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Preseason College Football Rankings: Can We Finally Abolish Preseason Polls?

August 21, 2014




by Lisa Horne



In 2009, Mississippi was ranked No. 8* when it opened its season at Memphis. Two weeks after beating the Tigers 45-14, the Rebels were ranked No. 6. A spanking of S.E. Louisiana—an FCS team, mind you—saw Ole Miss jump to No. 4.


The Rebels got a reality check when it lost to unranked South Carolina 16-10 a week-and-a-half later. They finished the season ranked No. 20.  


Was Ole Miss overrated? Technically, yes. But not in the negative way to which football fans normally attach the word "overrated."


A ranked team that is beaten by an underdog can be the subject of the underdog's fans' derisive "o-ver-ra-ted" chant. It's designed to be an insult. It has negative connotations. Ole Miss didn't deserve that moniker.


The Rebels played out of their collective Hotty Toddy minds. They went 9-4 in 2009. That No. 4 ranking was their highest since 1964.


But when Ole Miss crashed and burned at South Carolina, Auburn and Mississippi State, folks tended to forget about the good stuff. Instead, they clucked at how overrated Ole Miss was.


Shouldn't those who had ranked Ole Miss too high bear most of the criticism? After all, they are the ones who slapped that ranking on the Rebels to begin with.  


When Appalachian State upset No. 5 Michigan in 2007, Sports Illustrated's Stewart Mandel wrote "it may well turn out that Michigan was grossly overrated." Mandel was correct. It was.


Michigan was hurt dearly by that preseason ranking.  The school and its fans were humiliated. Most teams suffer a five or six-spot drop after a loss. The Associated Press dropped Michigan 20 spots. The Wolverines' ceremonious exclusion from the Top 25 Club felt like a punishment.


It's akin to a child of average intellect being forced to take advanced-placement classes and then getting admonished for getting poor grades. He failed to meet expectations. Is he is a failure? Or were the expectations unrealistic?


Mandel is a highly regarded journalist with impeccable credentials. His quote appeared to be his taking partial ownership of a mistake—he and the rest of the media did not have Michigan accurately ranked. Good for Mandel for pointing this out. But why are he and his brethren being asked to rank teams in August in the first place?


Is there anything dumber than ranking something before it has done anything and then watching it pay the price when it didn’t measure up to opinions based on nothing it did? Think about that.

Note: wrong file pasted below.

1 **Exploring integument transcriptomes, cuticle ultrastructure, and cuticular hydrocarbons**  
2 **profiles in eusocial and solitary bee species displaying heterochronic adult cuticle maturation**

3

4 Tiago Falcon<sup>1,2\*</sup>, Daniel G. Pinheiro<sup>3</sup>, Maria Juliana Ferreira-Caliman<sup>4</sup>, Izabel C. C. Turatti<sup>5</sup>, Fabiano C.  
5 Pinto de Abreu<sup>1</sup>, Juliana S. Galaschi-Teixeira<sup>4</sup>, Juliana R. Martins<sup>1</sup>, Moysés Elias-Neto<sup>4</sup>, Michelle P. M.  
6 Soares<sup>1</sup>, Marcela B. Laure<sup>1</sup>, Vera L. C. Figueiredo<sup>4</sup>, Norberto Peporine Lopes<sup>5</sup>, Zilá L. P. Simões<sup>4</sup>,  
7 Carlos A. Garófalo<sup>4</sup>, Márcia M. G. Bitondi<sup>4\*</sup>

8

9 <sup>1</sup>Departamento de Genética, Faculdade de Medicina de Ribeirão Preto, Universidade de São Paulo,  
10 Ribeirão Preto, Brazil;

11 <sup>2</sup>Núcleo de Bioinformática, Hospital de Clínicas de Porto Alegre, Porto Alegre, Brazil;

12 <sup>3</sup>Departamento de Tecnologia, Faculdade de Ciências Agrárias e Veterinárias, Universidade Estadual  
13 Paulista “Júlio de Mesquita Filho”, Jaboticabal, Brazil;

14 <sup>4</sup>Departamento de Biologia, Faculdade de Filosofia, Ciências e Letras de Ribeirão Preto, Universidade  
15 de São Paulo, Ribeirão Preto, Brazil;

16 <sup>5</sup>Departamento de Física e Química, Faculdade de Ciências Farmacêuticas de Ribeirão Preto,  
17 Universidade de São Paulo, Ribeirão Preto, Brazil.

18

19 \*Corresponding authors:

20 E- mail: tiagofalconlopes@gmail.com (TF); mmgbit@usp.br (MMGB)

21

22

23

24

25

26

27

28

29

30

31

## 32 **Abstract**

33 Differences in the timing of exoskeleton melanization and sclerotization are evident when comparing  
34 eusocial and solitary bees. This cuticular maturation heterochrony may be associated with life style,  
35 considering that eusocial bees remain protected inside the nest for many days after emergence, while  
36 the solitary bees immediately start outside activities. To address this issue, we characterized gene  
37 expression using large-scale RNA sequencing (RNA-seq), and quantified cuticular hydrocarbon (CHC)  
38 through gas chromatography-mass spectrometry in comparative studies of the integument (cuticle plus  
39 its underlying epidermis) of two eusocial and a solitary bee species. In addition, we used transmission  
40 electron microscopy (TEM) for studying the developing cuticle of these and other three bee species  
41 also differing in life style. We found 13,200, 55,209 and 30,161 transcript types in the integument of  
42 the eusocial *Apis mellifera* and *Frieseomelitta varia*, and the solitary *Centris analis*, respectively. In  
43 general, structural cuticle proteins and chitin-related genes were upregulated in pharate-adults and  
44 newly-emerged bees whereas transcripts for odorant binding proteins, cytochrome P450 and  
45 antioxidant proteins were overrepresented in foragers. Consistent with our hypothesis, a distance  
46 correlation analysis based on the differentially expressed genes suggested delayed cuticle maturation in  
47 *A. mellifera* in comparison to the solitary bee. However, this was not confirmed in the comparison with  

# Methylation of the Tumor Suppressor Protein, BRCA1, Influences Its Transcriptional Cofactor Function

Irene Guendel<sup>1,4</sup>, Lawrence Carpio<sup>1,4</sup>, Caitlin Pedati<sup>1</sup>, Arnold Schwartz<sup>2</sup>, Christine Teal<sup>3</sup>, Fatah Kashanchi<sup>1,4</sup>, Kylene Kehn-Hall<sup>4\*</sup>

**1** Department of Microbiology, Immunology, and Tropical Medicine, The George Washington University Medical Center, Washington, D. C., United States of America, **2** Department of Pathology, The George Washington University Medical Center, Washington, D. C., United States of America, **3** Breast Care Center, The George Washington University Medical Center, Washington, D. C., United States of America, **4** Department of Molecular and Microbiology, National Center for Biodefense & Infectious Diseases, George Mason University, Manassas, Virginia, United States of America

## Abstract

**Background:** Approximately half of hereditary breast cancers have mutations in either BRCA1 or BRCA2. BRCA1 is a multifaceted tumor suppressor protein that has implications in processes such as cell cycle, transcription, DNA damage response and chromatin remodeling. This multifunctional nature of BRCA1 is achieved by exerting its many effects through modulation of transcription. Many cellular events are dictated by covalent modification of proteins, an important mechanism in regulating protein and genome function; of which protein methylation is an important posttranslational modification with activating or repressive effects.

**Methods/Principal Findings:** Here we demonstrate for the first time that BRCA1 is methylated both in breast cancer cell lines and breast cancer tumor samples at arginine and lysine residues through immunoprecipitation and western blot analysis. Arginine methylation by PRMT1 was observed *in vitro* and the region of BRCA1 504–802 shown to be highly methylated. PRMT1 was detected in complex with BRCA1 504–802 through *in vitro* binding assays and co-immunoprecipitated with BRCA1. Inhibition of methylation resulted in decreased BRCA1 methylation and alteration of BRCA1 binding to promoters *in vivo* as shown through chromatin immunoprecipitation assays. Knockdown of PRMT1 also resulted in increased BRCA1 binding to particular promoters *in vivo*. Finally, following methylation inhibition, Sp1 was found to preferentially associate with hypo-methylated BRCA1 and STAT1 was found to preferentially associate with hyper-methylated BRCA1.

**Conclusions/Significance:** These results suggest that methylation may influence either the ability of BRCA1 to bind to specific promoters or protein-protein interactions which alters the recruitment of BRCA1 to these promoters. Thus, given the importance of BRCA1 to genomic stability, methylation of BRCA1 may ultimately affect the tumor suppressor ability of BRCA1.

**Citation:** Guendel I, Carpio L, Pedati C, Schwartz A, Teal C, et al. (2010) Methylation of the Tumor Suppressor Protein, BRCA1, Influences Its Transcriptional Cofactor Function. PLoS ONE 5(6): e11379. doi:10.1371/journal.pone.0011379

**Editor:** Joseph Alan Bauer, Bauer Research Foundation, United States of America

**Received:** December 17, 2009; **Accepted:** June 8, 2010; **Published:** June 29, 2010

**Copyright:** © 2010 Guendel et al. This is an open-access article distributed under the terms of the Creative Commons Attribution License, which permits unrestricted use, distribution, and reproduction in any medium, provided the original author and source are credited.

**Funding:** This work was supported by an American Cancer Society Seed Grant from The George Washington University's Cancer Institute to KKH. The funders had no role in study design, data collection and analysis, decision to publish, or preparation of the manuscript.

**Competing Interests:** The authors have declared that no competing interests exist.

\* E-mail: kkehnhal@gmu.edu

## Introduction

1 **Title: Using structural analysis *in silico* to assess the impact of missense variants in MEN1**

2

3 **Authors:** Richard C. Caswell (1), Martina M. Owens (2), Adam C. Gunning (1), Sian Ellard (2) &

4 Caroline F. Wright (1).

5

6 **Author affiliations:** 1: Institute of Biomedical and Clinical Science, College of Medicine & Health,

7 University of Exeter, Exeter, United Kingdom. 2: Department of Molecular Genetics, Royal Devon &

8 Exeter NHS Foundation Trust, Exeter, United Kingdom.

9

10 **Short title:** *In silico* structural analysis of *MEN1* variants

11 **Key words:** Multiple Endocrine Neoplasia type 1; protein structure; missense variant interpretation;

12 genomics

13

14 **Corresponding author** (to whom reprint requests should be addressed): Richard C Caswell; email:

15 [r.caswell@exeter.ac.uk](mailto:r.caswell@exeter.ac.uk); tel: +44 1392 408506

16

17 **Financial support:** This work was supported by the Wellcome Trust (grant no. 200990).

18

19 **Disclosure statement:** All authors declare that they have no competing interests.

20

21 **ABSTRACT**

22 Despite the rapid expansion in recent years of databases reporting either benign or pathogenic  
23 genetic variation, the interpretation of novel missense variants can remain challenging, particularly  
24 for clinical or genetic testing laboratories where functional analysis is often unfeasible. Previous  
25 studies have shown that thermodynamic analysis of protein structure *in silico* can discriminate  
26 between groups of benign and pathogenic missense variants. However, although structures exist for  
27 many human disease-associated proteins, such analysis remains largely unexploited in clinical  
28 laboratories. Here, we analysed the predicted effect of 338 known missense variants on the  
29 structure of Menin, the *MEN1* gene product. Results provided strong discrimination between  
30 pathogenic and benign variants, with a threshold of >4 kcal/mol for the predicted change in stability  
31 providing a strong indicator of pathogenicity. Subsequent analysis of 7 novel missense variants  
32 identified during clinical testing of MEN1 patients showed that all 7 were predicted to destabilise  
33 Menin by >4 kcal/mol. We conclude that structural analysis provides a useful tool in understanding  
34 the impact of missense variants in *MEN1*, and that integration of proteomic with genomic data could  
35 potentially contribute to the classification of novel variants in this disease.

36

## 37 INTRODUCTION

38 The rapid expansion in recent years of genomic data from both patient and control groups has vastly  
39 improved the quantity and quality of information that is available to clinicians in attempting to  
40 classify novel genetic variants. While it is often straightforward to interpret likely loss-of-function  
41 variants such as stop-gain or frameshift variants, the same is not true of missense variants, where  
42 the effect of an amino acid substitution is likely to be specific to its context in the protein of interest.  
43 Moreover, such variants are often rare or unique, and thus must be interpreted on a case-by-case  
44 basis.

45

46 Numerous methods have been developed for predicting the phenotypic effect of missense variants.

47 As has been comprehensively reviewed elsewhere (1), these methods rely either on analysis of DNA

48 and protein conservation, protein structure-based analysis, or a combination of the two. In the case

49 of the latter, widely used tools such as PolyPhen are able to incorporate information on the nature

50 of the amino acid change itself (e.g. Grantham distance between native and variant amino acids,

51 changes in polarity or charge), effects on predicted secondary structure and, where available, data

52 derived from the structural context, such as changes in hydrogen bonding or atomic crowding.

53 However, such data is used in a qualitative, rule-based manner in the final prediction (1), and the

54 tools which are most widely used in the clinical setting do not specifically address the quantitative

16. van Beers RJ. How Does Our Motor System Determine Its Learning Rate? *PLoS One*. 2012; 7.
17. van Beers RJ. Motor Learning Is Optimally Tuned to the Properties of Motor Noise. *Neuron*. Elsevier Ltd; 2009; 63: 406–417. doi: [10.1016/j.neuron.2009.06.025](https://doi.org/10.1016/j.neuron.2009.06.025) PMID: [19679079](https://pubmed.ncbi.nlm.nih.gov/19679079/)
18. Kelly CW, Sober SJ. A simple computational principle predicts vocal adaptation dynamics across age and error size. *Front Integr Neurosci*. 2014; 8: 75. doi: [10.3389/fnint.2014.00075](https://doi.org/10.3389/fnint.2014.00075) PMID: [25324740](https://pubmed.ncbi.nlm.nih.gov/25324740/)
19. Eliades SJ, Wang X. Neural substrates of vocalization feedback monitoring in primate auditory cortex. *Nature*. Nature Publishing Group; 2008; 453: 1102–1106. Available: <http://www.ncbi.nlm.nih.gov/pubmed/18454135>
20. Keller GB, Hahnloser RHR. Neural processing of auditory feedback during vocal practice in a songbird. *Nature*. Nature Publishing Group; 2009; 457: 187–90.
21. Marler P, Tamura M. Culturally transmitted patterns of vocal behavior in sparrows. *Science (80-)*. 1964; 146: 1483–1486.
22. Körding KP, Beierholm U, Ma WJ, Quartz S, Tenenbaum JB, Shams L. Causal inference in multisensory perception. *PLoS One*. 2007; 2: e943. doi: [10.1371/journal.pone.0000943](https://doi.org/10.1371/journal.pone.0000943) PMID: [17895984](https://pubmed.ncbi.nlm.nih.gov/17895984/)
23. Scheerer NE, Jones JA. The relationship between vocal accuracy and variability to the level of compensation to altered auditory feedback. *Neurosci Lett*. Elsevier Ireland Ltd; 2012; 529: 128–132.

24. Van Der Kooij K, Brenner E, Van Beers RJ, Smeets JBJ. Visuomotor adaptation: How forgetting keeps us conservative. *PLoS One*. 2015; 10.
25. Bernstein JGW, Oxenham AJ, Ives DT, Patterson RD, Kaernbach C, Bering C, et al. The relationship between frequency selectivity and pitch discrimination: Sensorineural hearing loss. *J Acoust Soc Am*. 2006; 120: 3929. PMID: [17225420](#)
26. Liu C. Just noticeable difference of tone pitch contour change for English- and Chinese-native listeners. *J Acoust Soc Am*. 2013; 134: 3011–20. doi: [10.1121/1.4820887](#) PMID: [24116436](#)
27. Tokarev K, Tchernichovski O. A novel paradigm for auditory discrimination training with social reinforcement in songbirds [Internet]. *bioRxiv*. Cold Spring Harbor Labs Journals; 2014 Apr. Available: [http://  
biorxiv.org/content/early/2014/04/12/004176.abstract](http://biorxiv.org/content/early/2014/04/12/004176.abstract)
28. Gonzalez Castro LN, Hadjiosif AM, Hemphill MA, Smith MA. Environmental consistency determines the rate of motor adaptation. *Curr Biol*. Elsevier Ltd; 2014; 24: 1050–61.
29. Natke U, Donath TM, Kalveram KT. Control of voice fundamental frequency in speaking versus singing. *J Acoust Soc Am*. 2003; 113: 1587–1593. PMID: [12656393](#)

Teams don't ask to be ranked.


Rarely has a player opined about where his team should be ranked. Coaches have been known to voice their opinions but mostly as an attempt to pander to the BCS (R.I.P) Selection Committee.


All teams would love to be ranked first but they understand that it is logistically impossible. A fair ranking is a more reasonable expectation.  The media really does try to get it right. But it's an impossible task to undertake. 


Ole Miss was overrated not because Ole Miss did Ole Miss things in a few games. It was overrated because the media, through no fault of its own, was wrong.


The media's mistake in the preseason poll was exacerbated when the Rebels beat an FCS and mid-major team. Ole Miss had no direction to go but up in the polls, despite having a lousy resume.


Clearly, ranking teams isn't a science. It's an educated guessing game for the first half of the season—it's a stab in the dark in the preseason. But when the hype doesn't match the performance on the field, the team suffers the backlash, not the media.


It's time to have a serious discussion about ending preseason polls. Let's be honest, the only people who benefit from preseason polls are preseason magazines, websites and a bunch of fans whose team is ranked No. 1. Hang on to that good feeling, fan boy.


Since 1950, only 10 teams who have been ranked No. 1 in the AP preseason poll eventually finished with the No. 1 ranking. That's a 15 percent success rate.  As bad as that is, there's a compunding problem.


The media usually uses a team's preseason ranking as the jumping off point from which to base the following week's ranking. If the preseason ranking was inaccurate, aren't all ensuing rankings suspect?  


Remember the preseason-ranked No. 10 Florida Gators last year?


The Gators lost to Miami in week two and started a free fall, dropping to No. 20 after beating Tennessee (5-7). The pollsters weren't impressed in that victory but they were impressed with the next two. Florida beat Arkansas (3-9) and Kentucky (2-10) and rose to No. 17.


It took three losses in the first seven games before the Gators were finally dropped from the Top 25. If Florida had been ranked No. 20, one loss would have done the trick for eventual 4-8 team.


For many college football fans, preseason polls are ruining college football. The polls are also forcing the media to form an opinion on a team without any data to support that opinion. If the College Football Playoff Committee can wait until October before putting out its first poll, why can't everyone else?


We'll never hear a chant of "un-real-lis-tic" at a football stadium.


But seeing the demise of preseason polls would be a great compromise.  




*all rankings were taken from Associated Press

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